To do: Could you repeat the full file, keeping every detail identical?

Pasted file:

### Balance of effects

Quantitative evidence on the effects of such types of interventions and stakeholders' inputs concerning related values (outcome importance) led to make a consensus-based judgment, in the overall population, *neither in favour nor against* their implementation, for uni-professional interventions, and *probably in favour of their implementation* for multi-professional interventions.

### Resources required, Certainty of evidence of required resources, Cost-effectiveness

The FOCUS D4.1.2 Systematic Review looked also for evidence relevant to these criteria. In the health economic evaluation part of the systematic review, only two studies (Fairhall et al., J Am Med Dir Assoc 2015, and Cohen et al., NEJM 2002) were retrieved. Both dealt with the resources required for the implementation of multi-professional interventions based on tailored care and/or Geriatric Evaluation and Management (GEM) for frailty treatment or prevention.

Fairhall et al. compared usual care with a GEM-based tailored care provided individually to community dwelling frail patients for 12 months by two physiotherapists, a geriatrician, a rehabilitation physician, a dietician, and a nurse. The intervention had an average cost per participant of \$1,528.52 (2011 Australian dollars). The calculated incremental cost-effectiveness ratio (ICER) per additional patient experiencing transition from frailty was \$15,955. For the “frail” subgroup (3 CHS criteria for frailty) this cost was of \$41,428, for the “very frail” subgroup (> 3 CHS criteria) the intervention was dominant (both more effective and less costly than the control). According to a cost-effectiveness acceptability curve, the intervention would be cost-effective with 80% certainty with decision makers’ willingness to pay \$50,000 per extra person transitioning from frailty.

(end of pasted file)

### Balance of effects

Quantitative evidence on the effects of such types of interventions and stakeholders' inputs concerning related values (outcome importance) led to make a consensus-based judgment, in the overall population, *neither in favour nor against* their implementation, for uni-professional interventions, and *probably in favour of their implementation* for multi-professional interventions.

### Resources required, Certainty of evidence of required resources, Cost-effectiveness

The FOCUS D4.1.2 Systematic Review looked also for evidence relevant to these criteria. In the health economic evaluation part of the systematic review, only two studies (Fairhall et al., J Am Med Dir Assoc 2015, and Cohen et al., NEJM 2002) were retrieved. Both dealt with the resources required for the implementation of multi-professional interventions based on tailored care and/or Geriatric Evaluation and Management (GEM) for frailty treatment or prevention.

Fairhall et al. compared usual care with a GEM-based tailored care provided individually to community dwelling frail patients for 12 months by two physiotherapists, a geriatrician, a rehabilitation physician, a dietician, and a nurse. The intervention had an average cost per participant of \$1,528.52 (2011 Australian dollars). The calculated incremental cost-effectiveness ratio (ICER) per additional patient experiencing transition from frailty was \$15,955. For the “frail” subgroup (3 CHS criteria for frailty) this cost was of \$41,428, for the “very frail” subgroup (> 3 CHS criteria) the intervention was dominant (both more effective and less costly than the control). According to a cost-effectiveness acceptability curve, the intervention would be cost-effective with 80% certainty with decision makers’ willingness to pay \$50,000 per extra person transitioning from frailty.